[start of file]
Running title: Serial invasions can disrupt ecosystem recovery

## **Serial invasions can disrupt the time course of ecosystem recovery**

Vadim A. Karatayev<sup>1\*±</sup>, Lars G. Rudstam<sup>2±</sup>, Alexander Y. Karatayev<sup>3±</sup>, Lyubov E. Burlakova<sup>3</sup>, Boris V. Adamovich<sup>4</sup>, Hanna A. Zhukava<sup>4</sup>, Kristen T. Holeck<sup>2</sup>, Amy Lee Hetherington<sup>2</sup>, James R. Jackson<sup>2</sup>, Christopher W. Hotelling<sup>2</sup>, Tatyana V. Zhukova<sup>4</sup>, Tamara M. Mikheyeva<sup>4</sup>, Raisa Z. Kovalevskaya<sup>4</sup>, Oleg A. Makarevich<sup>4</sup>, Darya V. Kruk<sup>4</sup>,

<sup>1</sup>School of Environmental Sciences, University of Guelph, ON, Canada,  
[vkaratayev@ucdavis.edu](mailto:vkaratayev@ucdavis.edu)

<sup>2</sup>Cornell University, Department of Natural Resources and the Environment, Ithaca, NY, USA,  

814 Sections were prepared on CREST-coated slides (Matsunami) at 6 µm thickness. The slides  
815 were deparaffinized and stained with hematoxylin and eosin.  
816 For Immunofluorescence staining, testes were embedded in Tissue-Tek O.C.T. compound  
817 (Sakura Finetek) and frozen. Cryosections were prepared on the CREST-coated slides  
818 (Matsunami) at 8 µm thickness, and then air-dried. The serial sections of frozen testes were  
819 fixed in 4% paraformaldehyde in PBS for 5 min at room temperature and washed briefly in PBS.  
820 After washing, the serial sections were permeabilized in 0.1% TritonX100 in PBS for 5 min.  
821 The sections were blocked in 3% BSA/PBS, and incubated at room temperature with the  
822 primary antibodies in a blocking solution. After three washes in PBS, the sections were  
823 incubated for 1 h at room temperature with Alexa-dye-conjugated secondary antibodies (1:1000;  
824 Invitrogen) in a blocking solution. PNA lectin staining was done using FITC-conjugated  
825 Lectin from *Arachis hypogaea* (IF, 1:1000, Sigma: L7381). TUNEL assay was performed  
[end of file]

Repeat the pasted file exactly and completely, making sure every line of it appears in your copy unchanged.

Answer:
Running title: Serial invasions can disrupt ecosystem recovery

## **Serial invasions can disrupt the time course of ecosystem recovery**

Vadim A. Karatayev<sup>1\*±</sup>, Lars G. Rudstam<sup>2±</sup>, Alexander Y. Karatayev<sup>3±</sup>, Lyubov E. Burlakova<sup>3</sup>, Boris V. Adamovich<sup>4</sup>, Hanna A. Zhukava<sup>4</sup>, Kristen T. Holeck<sup>2</sup>, Amy Lee Hetherington<sup>2</sup>, James R. Jackson<sup>2</sup>, Christopher W. Hotelling<sup>2</sup>, Tatyana V. Zhukova<sup>4</sup>, Tamara M. Mikheyeva<sup>4</sup>, Raisa Z. Kovalevskaya<sup>4</sup>, Oleg A. Makarevich<sup>4</sup>, Darya V. Kruk<sup>4</sup>,

<sup>1</sup>School of Environmental Sciences, University of Guelph, ON, Canada,  
[vkaratayev@ucdavis.edu](mailto:vkaratayev@ucdavis.edu)

<sup>2</sup>Cornell University, Department of Natural Resources and the Environment, Ithaca, NY, USA,  

814 Sections were prepared on CREST-coated slides (Matsunami) at 6 µm thickness. The slides  
815 were deparaffinized and stained with hematoxylin and eosin.  
816 For Immunofluorescence staining, testes were embedded in Tissue-Tek O.C.T. compound  
817 (Sakura Finetek) and frozen. Cryosections were prepared on the CREST-coated slides  
818 (Matsunami) at 8 µm thickness, and then air-dried. The serial sections of frozen testes were  
819 fixed in 4% paraformaldehyde in PBS for 5 min at room temperature and washed briefly in PBS.  
820 After washing, the serial sections were permeabilized in 0.1% TritonX100 in PBS for 5 min.  
821 The sections were blocked in 3% BSA/PBS, and incubated at room temperature with the  
822 primary antibodies in a blocking solution. After three washes in PBS, the sections were  
823 incubated for 1 h at room temperature with Alexa-dye-conjugated secondary antibodies (1:1000;  
824 Invitrogen) in a blocking solution. PNA lectin staining was done using FITC-conjugated  
825 Lectin from *Arachis hypogaea* (IF, 1:1000, Sigma: L7381). TUNEL assay was performed  